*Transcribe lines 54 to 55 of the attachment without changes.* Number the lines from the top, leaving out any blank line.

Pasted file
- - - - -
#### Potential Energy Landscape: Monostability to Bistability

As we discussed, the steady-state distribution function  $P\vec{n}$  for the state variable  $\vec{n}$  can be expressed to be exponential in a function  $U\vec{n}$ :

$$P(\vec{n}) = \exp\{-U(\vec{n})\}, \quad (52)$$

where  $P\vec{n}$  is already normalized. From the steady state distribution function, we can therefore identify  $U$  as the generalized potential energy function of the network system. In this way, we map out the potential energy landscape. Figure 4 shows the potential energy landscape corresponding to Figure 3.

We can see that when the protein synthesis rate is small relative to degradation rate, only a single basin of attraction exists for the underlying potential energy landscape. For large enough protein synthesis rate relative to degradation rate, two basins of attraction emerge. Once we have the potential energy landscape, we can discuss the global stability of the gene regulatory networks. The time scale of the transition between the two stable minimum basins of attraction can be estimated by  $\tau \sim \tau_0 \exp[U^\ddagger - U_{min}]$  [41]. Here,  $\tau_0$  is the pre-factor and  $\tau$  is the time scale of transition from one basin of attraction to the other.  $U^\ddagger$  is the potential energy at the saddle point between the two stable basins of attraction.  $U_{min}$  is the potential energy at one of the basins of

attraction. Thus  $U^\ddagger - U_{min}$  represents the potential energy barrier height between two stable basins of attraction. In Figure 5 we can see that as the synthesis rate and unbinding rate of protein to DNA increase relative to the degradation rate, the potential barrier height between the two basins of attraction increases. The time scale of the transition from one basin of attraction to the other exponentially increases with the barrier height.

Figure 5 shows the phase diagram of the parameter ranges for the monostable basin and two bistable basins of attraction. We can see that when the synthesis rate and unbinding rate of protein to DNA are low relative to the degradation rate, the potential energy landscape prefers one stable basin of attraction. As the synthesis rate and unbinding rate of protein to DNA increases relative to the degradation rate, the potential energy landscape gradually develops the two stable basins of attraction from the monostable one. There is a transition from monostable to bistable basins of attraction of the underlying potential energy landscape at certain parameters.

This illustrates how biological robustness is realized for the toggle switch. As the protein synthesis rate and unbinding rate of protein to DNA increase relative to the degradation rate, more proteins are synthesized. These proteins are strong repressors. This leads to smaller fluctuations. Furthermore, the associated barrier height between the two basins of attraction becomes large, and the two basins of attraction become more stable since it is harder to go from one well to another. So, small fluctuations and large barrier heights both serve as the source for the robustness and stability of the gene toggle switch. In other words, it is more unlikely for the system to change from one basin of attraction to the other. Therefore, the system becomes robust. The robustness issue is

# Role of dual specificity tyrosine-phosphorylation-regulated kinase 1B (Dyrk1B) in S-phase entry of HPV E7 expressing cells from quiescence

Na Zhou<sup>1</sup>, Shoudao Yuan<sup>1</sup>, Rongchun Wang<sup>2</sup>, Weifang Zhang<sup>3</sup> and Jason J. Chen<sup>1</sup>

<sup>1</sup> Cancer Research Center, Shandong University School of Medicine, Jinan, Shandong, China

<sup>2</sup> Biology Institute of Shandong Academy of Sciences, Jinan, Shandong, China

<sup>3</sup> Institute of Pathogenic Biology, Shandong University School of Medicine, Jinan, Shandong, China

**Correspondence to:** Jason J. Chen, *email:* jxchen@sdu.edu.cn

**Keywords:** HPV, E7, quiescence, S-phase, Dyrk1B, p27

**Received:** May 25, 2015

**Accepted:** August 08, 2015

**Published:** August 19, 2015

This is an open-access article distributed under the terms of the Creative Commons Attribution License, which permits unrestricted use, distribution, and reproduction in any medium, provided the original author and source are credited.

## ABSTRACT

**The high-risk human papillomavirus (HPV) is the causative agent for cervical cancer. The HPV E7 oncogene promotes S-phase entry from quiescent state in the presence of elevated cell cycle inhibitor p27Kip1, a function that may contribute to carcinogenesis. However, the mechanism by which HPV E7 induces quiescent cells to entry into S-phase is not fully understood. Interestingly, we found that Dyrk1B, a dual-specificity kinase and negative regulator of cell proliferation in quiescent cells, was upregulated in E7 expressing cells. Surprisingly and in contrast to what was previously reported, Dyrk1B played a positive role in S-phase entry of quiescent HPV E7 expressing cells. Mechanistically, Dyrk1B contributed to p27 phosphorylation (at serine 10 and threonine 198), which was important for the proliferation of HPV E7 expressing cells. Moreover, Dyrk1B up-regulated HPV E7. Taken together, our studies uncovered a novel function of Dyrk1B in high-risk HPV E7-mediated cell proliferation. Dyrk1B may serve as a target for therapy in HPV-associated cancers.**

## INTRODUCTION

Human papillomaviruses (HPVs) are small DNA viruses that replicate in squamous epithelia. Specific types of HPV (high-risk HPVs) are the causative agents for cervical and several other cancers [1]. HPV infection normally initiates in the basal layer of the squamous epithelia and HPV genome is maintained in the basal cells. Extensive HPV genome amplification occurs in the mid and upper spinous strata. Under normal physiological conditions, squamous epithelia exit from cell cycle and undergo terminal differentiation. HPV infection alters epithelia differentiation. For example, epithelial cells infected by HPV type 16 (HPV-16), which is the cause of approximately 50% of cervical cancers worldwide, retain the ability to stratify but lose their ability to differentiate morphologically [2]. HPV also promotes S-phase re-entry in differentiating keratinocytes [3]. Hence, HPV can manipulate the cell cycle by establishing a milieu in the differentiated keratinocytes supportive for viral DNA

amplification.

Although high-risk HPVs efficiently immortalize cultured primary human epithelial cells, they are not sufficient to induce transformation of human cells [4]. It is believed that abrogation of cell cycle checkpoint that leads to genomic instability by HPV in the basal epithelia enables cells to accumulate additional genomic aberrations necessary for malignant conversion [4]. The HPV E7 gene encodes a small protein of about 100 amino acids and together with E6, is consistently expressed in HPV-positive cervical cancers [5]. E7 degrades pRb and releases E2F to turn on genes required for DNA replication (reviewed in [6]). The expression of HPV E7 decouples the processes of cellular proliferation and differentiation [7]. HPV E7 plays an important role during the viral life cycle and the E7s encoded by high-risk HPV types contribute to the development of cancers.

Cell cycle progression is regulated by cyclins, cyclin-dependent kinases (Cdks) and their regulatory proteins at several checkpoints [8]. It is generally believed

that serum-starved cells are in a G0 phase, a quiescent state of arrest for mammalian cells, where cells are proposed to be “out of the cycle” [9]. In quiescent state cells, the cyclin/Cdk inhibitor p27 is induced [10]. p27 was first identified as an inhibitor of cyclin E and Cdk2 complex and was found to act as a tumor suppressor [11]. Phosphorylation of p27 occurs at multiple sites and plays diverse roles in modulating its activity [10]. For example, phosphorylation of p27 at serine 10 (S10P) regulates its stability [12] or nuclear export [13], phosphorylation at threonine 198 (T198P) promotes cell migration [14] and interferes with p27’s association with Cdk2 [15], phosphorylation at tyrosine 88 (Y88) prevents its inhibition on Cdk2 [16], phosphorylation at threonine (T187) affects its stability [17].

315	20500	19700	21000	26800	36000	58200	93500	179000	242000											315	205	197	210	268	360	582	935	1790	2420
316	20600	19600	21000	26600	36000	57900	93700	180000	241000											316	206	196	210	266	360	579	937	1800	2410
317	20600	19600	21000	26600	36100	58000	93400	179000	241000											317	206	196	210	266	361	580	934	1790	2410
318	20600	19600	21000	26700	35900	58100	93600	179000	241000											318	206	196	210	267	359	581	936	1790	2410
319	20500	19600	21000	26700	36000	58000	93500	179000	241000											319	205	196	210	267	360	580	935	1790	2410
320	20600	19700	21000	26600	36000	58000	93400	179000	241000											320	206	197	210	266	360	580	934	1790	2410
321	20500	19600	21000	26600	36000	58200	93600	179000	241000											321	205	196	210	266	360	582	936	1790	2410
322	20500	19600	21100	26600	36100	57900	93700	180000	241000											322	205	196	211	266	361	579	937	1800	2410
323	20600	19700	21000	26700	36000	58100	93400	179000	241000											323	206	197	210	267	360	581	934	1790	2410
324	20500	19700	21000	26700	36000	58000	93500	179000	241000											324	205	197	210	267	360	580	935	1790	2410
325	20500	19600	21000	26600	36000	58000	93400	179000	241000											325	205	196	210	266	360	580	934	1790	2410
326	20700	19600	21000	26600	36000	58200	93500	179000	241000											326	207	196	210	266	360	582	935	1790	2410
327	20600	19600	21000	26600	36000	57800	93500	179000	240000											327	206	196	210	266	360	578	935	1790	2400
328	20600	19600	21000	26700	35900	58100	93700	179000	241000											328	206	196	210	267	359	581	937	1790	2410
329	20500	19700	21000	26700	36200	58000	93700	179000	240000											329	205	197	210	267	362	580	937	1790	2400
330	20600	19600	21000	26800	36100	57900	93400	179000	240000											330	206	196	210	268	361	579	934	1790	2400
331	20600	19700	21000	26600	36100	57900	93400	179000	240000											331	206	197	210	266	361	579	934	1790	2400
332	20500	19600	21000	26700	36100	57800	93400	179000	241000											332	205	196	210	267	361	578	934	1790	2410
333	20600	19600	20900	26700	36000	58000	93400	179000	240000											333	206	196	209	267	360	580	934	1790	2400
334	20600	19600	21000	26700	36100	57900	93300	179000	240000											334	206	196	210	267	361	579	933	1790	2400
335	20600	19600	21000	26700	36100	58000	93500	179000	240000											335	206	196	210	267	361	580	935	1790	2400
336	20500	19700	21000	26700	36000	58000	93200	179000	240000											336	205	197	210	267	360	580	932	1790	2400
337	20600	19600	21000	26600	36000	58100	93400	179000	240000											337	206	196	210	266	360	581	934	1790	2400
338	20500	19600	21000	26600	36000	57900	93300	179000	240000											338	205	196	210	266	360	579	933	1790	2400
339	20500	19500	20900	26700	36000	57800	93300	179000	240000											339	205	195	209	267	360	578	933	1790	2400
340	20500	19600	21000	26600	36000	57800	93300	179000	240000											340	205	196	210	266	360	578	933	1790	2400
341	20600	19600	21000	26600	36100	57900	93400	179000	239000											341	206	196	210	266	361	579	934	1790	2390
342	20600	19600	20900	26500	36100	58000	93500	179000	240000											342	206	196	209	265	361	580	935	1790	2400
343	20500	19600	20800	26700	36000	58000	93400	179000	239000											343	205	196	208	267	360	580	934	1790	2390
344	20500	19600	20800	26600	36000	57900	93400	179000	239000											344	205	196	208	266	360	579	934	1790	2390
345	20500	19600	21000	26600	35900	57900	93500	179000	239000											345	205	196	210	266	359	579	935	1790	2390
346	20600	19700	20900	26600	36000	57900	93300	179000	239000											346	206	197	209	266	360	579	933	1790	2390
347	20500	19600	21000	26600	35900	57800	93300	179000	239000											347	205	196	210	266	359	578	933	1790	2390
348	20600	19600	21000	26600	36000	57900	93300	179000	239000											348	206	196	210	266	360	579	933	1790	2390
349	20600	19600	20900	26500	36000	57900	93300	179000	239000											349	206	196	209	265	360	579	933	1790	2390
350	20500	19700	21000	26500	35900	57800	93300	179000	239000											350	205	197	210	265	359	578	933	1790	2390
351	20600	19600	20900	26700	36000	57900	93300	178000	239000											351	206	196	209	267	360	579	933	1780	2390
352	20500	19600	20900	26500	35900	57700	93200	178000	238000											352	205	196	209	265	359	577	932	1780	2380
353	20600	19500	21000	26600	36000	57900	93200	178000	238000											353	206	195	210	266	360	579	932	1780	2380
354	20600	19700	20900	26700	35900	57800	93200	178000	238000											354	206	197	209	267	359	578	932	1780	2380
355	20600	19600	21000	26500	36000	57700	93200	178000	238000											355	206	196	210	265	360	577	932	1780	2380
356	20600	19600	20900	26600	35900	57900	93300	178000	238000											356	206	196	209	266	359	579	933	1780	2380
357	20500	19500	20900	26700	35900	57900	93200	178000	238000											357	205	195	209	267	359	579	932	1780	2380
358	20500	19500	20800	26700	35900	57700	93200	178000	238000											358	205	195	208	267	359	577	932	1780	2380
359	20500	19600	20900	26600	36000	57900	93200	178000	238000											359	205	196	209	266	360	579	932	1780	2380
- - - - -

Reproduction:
341	20600	19600	21000	26600	36100	57900	93400	179000	239000											341	206	196	210	266	361	579	934	1790	2390
342	20600	19600	20900	26500	36100	58000	93500	179000	240000											342	206	196	209	265	361	580	935	1790	2400